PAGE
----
The Today Show

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19 10, 2012

How To Improve Your FICO Score

The U.S. housing market recovery is underway. New home sales are at a multi-year high, housing starts are at pre-recession levels, and home builders plan for a strong 2013.

Since late-2011, falling mortgage rates have boosted buyer purchasing power. Now, today, in many U.S. markets, the number of active home buyers outnumbers the number of active home sellers. It’s among the reasons why home supplies remain scarce and why home prices are rising.

Roughly 20 percent of today’s home buyers purchase homes with cash. For everyone else, the ability to gain mortgage approval depends on income, assets, and, most importantly, credit scores. Your credit score is a predictor of your future payment performance and lenders pay close attention. 

If you plan to buy a home in the next 12 months, spend some time with this The Today Show interview. It’s five minutes of practical credit scoring advice, including separation of credit score myth from credit score fact.

Among the credit scoring tips shared :

  • How to get your credit checked without harming your credit score
  • The value of using automatic payments with credit cards
  • How to use “old” credit cards to boost your credit score

You’ll also learn about utility companies and why you should never be late with payment.

As compared to August 2011, last month’s average, mortgage-financing home buyer’s FICO score improved 9 points to 750. The average “denied” mortgage applicant’s FICO score was 704. Clearly, standards are high. However, credit scoring is a system and, with time, you can improve your rating. 

Watch the interview and find ways to make your credit score better. With better credit comes better mortgage rates.

3 10, 2012

How To Help Your Home Appraise At Its Fair Market Value

Home values are rising in many U.S. markets. The S&P/Case-Shiller Index has home values up 1.2 percent as compared to last year, and the government’s Home Price Index shows an increase of 3.7 percent.

This has been partially evidenced by rising median home sales prices nationwide. Versus last year, the median sale price of a new construction home has climbed 17 percent, and the median sale price of an existing home sale is higher by 10 percent.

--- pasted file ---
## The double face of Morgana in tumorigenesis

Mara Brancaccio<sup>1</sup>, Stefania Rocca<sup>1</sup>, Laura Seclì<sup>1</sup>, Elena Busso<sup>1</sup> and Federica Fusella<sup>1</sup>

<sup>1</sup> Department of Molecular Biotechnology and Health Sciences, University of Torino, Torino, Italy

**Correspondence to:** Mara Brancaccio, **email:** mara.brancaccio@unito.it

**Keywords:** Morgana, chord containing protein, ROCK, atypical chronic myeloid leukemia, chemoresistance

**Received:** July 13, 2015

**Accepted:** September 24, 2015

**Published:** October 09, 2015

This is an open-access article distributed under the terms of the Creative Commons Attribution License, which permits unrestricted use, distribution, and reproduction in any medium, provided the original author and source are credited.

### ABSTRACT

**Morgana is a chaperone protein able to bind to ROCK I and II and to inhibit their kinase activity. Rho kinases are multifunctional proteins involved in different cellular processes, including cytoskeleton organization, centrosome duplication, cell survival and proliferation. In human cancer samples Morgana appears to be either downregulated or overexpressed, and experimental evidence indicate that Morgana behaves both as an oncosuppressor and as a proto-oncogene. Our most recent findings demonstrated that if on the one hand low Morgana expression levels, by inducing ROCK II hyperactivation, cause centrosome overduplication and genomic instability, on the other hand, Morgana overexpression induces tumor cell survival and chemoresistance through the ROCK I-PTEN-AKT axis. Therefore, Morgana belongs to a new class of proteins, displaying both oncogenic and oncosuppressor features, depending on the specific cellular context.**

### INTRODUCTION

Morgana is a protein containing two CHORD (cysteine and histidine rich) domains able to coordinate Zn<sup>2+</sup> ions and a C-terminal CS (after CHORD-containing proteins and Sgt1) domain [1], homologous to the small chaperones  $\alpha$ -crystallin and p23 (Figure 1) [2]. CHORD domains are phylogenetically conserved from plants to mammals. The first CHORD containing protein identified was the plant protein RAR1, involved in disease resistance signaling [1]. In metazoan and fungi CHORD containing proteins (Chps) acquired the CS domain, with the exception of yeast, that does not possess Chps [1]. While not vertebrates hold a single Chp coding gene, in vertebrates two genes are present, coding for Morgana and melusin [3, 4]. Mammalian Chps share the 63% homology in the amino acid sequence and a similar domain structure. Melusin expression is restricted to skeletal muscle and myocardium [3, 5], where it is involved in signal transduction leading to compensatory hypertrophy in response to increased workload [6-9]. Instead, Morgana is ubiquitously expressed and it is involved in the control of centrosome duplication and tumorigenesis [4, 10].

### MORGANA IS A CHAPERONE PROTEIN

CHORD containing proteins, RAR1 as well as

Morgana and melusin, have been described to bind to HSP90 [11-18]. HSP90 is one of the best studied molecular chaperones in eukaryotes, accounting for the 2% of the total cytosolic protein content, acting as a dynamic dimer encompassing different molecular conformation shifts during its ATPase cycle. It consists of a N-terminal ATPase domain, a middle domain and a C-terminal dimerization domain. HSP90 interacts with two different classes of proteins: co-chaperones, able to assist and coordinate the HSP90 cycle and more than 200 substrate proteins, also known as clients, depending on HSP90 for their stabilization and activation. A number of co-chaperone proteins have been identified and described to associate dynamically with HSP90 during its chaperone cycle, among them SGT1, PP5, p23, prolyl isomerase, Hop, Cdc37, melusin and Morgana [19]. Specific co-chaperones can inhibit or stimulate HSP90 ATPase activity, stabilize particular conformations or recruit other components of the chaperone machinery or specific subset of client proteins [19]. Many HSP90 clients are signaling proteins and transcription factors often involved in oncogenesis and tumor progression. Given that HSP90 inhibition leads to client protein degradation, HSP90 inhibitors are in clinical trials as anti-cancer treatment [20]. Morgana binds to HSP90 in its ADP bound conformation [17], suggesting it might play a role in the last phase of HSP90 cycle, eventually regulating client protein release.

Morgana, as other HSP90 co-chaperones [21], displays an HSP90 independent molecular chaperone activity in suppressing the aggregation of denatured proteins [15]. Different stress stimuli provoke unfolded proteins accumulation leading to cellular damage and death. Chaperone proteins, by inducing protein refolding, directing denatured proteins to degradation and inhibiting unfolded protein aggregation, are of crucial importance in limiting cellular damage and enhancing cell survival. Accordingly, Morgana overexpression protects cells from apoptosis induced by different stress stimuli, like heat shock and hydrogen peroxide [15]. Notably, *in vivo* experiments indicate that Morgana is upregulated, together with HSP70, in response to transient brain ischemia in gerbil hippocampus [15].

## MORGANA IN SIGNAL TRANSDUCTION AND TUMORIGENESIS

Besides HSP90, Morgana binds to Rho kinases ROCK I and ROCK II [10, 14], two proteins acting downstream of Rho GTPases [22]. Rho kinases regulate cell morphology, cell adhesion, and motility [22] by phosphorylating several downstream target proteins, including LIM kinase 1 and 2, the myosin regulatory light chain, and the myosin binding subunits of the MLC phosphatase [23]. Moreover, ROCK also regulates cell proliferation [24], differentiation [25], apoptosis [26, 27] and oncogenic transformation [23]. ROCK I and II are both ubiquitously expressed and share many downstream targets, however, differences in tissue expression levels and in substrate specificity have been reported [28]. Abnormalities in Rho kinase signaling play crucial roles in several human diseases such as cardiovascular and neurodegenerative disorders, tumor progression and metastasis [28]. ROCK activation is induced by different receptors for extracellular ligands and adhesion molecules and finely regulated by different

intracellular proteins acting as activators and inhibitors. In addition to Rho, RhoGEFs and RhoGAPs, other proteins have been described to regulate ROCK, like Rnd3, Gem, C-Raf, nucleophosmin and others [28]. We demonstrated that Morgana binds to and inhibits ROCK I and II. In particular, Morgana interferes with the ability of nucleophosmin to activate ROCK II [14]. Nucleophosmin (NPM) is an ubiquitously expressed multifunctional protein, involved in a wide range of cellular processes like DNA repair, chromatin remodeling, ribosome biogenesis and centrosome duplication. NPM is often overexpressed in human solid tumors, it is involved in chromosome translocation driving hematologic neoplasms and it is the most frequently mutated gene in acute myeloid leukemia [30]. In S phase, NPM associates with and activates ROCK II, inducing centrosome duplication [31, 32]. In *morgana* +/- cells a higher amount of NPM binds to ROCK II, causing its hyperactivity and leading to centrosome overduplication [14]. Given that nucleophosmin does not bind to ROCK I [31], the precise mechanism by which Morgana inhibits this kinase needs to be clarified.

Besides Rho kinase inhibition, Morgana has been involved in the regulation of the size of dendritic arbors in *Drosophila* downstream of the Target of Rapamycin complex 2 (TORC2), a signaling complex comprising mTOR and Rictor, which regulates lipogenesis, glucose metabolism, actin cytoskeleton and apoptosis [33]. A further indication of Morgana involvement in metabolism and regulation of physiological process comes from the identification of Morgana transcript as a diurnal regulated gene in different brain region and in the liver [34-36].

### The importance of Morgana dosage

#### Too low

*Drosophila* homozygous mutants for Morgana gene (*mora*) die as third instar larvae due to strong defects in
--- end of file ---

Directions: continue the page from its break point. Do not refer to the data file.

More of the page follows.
For home sellers, an improving market means the chance to net more proceeds from a home sale. Or does it?

In this 3-minute piece from NBC’s The Today Show, we hear about the home appraisal process and how it may be limiting the number of home sales nationwide, plus the prices at which homes are selling. 

The interview includes several key insights into the home appraisal process :

  • In a rising housing market, a home’s appraised home value may be lower than its “true” market value
  • Short sales and foreclosures can make a negative impact on a home’s appraised value
  • Consolidation in the appraisal industry has lowered product quality and may be harming valuations

One key take-away from the video is that home owners should provide their home appraisers with as much relevant information as possible — especially information which may not be publicly-available. This includes records of recent “all-cash” sales of comparable homes which were never formally listed for sale.

One in three purchase agreements are canceled because of appraisal issues, according to the interview. Take steps to make sure yours is not among them.

5 09, 2012

Making Coupon-Free Savings At The Supermarket

The average family puts 10-15 percent of its monthly spending toward food, according to the Bureau of Labor Statistics and Department of Agriculture, with most of that food purchased at a supermarket.